04.15 - Anti-HTN Drugs Flashcards Preview

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Flashcards in 04.15 - Anti-HTN Drugs Deck (28)
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What are the MOA, pharm effects, side effects, and clinical uses of the alpha-adrenergic receptor blockers?

MOA: block alpha-adrenergic receptors in arteries AND veins

Pharm effects: decrease TPR, reduce BP 

1. Relieve symptoms of BPH by relaxing mm of bladder, prostate 

2. INC HDL, lower LDL, and have beneficial effect on insulin resistance 

Side effects: first does hypotension, w/Prazosin (give at bedtime) 

Clinical uses: NOT recommended as monotherapy for HTN (ALLHAT study) 


Which 1st and 2nd gen beta-blockers have ISA, MSA, cardio-selectivity, and lipid solubility?

- ISA (binds and blocks beta receptor, but also a partial agonist): Timolol, Pindolol 

MSA (blocks heart conduction activity): Propranolol (anti-arrhythmic), Metoprolol, Pindolol 

Cardio-selectivity (B-1 selective): Metoprolol, Bisoprolol 

Lipid-solubility: all of these (esp. Propranolol, Metoprolol) 


What is the MOA of BB with no ISA? What are these drugs called?

- Pure beta-blockers

- Block myocardial ß1-adrenergic receptors (ß1-AR)

- DEC HR and contractility, thus, DEC cardiac output

- Block ß1-AR in the juxtaglomerular apparatus and thereby inhibit renin release

- Very useful in patients with high renin HTN, but work well in hypertensive patients with normal-low renin (do NOT cause salt, water retention)


What are the clinical uses of pure beta-blockers?

- Effective therapy for all grades of hypertension

- Do NOT cause retention of salt and water and can be administered w/o a diuretic -> anti-HTN effect is additive with a diuretic

- Assoc w/definite mortality benefits (Bisoprolol) 


What are the three 3rd generation beta-blockers we covered? 

- Labetalol: mixed A-1-ß-antagonist -> IV for HTN emergencies, i.e., pheochromocytoma, preeclampsia

- Carvedilol: mixed A1-ß antagonist 

1. Antioxidant; binds, scavenges ROS

2. Protects membranes from lipid peroxidation

3. Prevents LDL oxidation and LDL uptake into coronary blood vessels

4. #1 drug for tx of CHF: biased agonism (blocks something, and activates something else)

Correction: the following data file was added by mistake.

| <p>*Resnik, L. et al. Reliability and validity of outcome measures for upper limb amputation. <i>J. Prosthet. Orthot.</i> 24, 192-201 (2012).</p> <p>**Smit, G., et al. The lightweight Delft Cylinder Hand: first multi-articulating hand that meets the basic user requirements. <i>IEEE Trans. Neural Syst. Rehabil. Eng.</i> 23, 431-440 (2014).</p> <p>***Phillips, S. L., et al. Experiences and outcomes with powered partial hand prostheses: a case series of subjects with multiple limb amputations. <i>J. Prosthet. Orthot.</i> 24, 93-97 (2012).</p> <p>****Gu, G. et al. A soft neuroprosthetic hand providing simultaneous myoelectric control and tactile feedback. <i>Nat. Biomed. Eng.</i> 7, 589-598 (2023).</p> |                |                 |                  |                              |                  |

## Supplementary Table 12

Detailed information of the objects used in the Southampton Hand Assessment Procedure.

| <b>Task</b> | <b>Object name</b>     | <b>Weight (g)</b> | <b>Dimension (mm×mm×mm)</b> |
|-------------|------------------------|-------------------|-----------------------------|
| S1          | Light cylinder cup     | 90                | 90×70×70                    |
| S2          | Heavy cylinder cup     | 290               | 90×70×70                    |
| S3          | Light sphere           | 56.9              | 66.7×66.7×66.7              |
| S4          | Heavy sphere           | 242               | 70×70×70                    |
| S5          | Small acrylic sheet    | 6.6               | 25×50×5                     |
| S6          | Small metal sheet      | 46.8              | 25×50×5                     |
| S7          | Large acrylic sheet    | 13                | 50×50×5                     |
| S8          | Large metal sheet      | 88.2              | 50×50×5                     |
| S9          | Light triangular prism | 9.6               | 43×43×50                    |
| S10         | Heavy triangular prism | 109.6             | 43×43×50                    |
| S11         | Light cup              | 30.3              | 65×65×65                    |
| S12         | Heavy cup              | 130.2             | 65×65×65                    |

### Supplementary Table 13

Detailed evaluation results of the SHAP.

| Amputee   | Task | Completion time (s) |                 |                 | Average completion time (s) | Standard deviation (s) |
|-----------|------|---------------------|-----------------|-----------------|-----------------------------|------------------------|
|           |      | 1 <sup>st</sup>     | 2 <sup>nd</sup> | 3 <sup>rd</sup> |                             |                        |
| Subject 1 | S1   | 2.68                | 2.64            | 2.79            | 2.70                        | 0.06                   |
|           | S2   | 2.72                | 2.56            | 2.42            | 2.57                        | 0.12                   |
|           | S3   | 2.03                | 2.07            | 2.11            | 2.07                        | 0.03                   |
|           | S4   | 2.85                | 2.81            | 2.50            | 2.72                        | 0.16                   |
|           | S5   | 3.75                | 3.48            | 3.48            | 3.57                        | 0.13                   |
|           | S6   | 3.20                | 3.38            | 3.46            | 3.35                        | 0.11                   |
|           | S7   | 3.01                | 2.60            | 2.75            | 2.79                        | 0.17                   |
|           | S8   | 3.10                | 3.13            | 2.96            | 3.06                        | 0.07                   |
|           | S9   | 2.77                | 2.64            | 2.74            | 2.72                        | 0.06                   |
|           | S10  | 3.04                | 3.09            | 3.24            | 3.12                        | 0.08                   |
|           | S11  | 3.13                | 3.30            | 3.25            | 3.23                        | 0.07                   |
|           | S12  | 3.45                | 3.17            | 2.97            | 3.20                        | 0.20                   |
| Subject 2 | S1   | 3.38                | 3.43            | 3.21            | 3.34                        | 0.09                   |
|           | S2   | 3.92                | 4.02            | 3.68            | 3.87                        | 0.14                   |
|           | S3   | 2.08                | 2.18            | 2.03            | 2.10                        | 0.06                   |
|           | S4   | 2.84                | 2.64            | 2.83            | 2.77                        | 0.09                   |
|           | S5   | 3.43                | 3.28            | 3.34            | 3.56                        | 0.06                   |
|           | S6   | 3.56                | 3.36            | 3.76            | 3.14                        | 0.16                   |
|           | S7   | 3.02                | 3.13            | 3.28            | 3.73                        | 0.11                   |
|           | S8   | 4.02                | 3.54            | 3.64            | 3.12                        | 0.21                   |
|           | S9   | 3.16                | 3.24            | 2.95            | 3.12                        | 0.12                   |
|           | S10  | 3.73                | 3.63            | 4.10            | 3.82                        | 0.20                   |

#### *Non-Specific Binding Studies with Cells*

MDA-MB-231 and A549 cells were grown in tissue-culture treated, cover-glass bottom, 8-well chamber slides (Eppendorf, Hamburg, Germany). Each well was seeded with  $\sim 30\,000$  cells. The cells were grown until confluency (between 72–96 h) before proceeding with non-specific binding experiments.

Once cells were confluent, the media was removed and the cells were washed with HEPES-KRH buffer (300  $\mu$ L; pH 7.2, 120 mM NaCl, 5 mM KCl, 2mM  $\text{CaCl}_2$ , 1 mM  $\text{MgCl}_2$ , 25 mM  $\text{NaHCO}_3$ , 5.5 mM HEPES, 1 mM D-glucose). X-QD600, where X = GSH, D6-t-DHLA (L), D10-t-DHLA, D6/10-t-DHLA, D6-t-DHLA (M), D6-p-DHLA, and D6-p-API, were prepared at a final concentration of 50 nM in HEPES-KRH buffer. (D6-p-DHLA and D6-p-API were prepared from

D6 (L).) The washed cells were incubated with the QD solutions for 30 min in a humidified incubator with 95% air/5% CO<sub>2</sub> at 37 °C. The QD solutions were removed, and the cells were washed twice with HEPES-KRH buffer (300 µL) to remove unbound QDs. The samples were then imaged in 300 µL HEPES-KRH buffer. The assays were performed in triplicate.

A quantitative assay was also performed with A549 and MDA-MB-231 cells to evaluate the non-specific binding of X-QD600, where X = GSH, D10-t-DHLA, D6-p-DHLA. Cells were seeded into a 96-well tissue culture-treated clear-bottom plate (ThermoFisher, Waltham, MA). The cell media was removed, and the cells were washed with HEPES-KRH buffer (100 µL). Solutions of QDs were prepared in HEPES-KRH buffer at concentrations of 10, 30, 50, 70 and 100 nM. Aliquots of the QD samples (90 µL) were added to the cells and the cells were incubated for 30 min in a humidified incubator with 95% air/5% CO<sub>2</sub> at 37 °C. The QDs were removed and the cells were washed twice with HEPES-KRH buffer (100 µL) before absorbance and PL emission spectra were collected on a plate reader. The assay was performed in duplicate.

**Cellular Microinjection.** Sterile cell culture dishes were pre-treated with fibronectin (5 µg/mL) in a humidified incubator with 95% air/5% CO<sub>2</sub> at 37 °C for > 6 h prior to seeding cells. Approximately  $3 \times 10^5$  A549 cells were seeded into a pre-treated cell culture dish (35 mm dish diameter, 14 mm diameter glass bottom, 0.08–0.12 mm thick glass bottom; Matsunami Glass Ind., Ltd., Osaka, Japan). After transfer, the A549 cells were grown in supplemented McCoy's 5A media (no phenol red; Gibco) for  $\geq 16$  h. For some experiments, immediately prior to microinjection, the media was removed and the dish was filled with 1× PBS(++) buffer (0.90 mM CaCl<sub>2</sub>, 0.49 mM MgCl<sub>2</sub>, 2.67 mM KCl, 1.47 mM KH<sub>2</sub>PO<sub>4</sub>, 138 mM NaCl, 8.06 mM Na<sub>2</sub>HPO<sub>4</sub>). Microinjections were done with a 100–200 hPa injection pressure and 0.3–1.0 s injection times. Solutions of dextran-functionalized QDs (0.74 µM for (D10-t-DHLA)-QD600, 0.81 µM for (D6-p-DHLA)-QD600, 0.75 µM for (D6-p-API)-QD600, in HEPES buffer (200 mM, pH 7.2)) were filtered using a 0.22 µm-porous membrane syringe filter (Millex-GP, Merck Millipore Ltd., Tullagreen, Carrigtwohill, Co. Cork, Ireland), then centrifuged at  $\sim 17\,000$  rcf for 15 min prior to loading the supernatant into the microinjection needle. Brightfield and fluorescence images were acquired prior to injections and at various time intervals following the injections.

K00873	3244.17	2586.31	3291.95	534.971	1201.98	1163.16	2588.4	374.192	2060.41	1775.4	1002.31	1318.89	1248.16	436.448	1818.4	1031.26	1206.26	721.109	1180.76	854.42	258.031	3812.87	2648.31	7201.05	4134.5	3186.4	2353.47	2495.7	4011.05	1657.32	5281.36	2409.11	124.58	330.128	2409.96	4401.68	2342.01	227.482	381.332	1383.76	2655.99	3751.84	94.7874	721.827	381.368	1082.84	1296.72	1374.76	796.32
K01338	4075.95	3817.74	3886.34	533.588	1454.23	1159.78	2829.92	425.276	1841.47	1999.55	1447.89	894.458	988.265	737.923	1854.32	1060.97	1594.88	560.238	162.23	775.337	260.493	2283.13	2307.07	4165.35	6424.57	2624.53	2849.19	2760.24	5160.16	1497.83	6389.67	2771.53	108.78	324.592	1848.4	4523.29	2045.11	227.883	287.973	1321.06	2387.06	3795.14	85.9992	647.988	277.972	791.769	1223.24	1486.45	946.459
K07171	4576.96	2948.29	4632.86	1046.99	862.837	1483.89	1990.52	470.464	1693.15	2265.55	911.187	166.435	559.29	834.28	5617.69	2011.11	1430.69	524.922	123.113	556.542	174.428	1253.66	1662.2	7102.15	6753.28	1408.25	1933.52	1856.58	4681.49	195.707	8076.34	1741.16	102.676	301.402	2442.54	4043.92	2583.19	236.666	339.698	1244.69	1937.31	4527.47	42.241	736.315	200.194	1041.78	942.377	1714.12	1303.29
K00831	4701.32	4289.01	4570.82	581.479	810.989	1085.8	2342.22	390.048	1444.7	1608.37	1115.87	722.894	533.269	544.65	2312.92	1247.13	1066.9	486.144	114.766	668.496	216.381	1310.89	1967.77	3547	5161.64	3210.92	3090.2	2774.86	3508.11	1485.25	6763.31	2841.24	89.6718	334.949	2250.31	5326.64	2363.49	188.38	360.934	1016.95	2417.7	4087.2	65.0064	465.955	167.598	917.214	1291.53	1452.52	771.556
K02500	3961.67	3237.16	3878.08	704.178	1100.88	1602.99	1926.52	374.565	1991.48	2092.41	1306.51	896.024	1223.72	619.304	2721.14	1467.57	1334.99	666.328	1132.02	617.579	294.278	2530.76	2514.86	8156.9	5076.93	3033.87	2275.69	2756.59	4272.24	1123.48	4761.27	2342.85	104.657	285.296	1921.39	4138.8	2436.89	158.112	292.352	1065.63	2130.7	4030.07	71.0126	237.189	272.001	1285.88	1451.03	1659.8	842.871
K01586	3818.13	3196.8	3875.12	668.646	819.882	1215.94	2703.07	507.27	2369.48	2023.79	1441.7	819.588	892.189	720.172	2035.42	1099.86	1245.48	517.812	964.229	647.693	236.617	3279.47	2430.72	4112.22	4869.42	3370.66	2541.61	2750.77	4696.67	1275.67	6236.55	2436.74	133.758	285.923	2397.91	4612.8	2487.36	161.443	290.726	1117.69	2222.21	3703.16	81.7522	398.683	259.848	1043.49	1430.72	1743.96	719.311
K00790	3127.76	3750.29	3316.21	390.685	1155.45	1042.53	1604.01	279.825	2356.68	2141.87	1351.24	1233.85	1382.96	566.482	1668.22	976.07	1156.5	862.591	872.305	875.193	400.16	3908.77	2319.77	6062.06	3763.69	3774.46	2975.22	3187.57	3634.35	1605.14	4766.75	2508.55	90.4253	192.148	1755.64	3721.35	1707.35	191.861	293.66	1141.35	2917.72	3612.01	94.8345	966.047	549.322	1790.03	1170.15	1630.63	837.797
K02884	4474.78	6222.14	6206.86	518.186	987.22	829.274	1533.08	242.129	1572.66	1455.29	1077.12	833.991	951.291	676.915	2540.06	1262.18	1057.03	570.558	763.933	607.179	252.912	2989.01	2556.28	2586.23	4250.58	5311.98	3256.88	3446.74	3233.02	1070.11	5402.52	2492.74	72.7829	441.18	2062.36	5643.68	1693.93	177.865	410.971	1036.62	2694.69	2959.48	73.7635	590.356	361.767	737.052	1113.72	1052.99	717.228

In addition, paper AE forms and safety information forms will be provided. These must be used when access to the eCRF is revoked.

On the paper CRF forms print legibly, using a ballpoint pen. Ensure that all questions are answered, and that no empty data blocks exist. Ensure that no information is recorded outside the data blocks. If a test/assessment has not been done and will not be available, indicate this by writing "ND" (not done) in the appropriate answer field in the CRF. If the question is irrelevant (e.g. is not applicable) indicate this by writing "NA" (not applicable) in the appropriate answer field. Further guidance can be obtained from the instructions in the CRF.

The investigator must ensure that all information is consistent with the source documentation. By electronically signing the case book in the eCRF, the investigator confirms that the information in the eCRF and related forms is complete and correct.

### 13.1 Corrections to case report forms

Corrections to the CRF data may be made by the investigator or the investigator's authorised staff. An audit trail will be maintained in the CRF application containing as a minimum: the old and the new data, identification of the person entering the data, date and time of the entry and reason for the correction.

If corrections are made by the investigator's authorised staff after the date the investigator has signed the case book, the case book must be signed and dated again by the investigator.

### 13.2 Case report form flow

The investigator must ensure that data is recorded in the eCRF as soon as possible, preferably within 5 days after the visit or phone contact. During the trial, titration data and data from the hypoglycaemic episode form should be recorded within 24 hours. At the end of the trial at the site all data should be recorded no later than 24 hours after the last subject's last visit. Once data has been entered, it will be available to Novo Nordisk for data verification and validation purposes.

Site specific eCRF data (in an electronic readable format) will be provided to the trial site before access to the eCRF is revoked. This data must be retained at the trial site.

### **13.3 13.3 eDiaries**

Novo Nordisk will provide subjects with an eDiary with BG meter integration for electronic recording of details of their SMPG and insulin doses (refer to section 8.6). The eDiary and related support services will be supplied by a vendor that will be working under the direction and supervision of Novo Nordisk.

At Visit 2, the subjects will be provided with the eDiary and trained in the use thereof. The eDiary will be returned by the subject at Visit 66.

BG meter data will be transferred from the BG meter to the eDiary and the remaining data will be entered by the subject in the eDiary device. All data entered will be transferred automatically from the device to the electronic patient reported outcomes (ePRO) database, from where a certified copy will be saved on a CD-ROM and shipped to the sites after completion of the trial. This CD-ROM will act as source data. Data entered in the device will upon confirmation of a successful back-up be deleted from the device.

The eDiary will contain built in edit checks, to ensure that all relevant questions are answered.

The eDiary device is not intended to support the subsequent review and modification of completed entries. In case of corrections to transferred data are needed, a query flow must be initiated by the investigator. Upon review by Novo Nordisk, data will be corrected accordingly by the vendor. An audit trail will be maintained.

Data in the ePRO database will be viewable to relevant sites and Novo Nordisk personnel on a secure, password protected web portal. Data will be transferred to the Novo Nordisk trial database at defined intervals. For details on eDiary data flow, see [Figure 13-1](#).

- Nebivolol: #1 selective antagonist -> antioxidant activity; promotes endo NO-mediated vasodilation


What are the additional uses of beta-blockers?

- CHF, MI, sinus and AV arrhythmias 

- Open angle glaucoma: Timolol -> reduces production of aqueous humor

- Add'l off label uses: stage fright, altering memory

- Compelling indications for BB:

1. Highly preferred in HTN pts with conditions such as MI, ischemic heart disease, or CHF

2. Preferred in HTN pts who have hyper-thyroidism & migraines


What are the side effects of the 1st- and 2nd-generation beta blockers?

- ~40-50% of patients on 1st-, 2nd-gen BB

- Cold extremities: worsens peripheral arterial insufficiency (due to reflex vasoconstriction)

- Bradycardia: DEC AV nodal conduction 

- Bronchospasm: avoid w/asthma; ß1/3rd-gen ok in COPD

- CNS side effects: bad dreams, depression

- Metabolic effects:

1. Block glycogenolysis, delaying recovery from hypoglycemia in T1D (not seen w/3rd-gen or selective ß1-blockers)

2. Block hormone-sensitive lipase (HSL) in adipocytes; INC LDL, DEC HDL, and INC TG's

- Drug withdrawal syndrome:

1. WITHDRAW SLOWLY (10-14 days) -> prolonged use up-regulates #-receptors in heart, and abrupt withdrawal causes tachycardia


What are the clinical uses and benefits of the 3rd generation beta-blockers?

- Primarily for CHF, HTN and reduce BP more than o/BB b/c of A-blockade (carvedilol) & NO (nebivolol)

- Reduce HR less than other BB; reduce mortality, morbidity in pts with mild to moderate CHF

- Not associated with changes in lipids & glucose, so preferred in metabolic syndrome

- NOT first-line treatment for HTN 


What are the drugs that affect the renin angiotensin system?

- Aliskerin: binds to renin, preventing conversion of angiotensinogen to angiotensin I (NOT used as an anti-HTN drug)